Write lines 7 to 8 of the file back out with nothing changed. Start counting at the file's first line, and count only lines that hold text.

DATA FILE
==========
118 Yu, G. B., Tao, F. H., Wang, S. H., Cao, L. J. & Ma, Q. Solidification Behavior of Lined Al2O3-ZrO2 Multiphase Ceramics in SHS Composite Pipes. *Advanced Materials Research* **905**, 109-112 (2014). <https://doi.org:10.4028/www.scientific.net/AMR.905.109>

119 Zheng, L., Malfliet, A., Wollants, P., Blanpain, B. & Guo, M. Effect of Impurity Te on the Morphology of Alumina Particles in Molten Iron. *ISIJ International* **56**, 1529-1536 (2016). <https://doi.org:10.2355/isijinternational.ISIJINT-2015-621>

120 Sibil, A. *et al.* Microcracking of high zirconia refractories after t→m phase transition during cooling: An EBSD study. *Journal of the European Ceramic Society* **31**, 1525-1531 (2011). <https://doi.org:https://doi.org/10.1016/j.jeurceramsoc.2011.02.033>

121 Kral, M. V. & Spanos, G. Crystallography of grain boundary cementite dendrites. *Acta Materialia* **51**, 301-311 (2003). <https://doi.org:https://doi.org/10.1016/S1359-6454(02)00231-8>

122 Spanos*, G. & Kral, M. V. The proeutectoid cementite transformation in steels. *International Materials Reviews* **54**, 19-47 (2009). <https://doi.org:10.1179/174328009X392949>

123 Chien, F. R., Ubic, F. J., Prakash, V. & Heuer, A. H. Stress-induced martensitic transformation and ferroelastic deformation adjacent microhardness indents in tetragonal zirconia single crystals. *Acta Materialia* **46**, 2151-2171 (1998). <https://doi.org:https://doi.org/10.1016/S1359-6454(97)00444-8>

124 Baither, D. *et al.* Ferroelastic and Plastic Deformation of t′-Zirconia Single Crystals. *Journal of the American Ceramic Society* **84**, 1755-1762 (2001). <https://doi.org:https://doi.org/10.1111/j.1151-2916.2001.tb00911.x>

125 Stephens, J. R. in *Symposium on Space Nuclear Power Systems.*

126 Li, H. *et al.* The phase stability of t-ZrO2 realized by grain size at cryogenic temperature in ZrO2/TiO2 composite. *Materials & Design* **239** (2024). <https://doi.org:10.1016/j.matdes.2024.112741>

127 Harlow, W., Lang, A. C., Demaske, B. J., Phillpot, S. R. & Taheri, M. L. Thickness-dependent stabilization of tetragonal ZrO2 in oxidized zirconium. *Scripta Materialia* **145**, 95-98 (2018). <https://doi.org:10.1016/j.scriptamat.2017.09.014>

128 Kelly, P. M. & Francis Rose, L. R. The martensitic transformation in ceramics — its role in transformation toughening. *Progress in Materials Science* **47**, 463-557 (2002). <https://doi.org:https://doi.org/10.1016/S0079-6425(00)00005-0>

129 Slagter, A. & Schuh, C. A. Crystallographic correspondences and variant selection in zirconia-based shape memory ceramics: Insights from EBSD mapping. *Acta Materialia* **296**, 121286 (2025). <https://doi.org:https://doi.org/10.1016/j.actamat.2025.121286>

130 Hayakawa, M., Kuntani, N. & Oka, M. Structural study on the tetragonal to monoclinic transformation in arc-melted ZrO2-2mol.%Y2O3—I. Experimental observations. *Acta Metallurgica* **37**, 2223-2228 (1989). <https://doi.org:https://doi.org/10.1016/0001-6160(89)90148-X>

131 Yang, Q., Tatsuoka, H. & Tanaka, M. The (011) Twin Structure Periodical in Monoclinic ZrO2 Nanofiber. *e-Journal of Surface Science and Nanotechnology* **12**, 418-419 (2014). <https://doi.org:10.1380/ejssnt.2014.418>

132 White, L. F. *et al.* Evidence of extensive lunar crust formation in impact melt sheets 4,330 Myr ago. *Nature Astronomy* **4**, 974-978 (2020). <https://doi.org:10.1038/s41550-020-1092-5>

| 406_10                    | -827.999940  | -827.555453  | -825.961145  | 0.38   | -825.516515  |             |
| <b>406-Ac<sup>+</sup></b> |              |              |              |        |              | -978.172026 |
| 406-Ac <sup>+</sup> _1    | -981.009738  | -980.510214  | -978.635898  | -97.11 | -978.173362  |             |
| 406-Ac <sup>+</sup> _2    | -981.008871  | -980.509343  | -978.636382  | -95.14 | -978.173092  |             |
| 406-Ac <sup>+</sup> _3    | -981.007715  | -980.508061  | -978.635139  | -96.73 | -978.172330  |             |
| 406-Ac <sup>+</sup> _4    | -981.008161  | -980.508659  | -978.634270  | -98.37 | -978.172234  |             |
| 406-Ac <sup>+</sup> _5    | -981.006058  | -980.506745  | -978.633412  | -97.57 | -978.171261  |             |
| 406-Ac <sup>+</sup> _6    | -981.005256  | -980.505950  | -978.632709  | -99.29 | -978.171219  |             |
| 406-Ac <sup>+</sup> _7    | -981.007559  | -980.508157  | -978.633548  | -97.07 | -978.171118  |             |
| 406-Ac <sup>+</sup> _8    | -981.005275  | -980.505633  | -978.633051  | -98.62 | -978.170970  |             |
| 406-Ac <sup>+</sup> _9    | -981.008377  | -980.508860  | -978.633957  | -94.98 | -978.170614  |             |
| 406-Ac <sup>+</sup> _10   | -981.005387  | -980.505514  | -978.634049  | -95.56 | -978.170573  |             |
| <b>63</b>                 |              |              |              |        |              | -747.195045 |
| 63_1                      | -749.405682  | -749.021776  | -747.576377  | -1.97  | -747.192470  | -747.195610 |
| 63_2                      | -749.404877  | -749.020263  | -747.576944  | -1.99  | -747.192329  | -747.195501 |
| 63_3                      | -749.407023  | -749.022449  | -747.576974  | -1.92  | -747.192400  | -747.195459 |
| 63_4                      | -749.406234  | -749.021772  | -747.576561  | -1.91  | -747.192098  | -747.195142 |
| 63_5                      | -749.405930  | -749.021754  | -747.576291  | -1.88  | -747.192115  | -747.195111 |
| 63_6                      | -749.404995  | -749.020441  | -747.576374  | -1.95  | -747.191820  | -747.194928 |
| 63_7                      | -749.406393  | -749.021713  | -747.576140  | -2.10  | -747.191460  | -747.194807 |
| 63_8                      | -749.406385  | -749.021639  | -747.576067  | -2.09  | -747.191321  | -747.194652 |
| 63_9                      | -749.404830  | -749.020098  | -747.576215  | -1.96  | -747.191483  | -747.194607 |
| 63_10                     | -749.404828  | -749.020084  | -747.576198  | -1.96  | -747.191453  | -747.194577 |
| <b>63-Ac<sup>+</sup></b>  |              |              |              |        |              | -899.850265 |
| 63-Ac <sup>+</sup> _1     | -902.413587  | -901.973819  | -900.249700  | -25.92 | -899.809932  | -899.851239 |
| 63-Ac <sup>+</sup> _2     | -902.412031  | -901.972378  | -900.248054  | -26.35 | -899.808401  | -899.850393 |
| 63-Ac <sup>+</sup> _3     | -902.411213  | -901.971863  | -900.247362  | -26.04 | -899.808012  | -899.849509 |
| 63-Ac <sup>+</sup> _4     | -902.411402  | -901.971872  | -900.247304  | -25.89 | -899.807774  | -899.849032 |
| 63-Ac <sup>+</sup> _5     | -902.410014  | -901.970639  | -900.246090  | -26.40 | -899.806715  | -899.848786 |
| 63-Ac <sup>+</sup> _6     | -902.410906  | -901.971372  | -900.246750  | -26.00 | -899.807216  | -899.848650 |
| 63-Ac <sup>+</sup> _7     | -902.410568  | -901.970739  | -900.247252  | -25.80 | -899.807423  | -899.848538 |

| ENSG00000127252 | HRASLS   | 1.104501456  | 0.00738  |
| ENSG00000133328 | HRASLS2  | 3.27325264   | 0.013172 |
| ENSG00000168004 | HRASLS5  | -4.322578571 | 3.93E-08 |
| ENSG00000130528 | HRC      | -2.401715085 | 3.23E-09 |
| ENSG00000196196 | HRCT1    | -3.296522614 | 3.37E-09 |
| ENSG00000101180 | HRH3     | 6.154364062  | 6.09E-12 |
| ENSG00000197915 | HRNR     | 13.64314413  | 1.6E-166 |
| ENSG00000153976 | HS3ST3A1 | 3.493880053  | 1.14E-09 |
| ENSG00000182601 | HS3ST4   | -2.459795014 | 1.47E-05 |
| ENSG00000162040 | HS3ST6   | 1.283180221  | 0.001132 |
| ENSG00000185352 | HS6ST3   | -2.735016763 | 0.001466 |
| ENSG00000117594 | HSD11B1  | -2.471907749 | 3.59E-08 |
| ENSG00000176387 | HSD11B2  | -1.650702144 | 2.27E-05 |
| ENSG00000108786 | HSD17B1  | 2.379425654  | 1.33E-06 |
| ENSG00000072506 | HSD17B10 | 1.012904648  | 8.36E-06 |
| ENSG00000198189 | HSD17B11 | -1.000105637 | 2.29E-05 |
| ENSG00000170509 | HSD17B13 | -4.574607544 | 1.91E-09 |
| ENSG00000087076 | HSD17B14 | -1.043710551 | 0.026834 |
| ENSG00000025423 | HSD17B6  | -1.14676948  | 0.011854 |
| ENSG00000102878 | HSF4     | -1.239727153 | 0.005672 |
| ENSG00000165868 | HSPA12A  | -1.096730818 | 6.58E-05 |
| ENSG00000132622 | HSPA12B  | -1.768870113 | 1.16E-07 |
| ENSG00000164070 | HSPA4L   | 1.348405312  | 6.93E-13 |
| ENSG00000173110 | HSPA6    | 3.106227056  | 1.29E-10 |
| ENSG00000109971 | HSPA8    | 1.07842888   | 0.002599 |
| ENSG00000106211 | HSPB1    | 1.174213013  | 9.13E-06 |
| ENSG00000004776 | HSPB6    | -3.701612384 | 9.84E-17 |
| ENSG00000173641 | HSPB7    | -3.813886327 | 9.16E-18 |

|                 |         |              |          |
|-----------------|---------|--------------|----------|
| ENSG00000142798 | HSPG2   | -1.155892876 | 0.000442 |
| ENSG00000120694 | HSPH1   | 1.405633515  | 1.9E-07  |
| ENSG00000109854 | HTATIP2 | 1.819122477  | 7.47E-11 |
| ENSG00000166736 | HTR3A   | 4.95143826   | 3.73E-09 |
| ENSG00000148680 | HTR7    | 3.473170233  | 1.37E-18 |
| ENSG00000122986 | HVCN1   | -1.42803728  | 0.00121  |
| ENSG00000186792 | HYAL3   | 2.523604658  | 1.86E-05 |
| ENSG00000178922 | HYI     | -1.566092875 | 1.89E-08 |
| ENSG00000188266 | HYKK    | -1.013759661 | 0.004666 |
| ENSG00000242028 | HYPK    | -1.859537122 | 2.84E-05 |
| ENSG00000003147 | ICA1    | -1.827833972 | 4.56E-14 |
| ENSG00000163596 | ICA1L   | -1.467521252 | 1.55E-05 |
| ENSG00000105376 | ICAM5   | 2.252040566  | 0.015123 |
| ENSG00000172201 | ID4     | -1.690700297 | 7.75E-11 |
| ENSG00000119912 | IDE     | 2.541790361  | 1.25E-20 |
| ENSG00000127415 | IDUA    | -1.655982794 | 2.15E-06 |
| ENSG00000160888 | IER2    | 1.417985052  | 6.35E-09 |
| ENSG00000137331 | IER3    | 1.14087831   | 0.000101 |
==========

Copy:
124 Baither, D. *et al.* Ferroelastic and Plastic Deformation of t′-Zirconia Single Crystals. *Journal of the American Ceramic Society* **84**, 1755-1762 (2001). <https://doi.org:https://doi.org/10.1111/j.1151-2916.2001.tb00911.x>

125 Stephens, J. R. in *Symposium on Space Nuclear Power Systems.*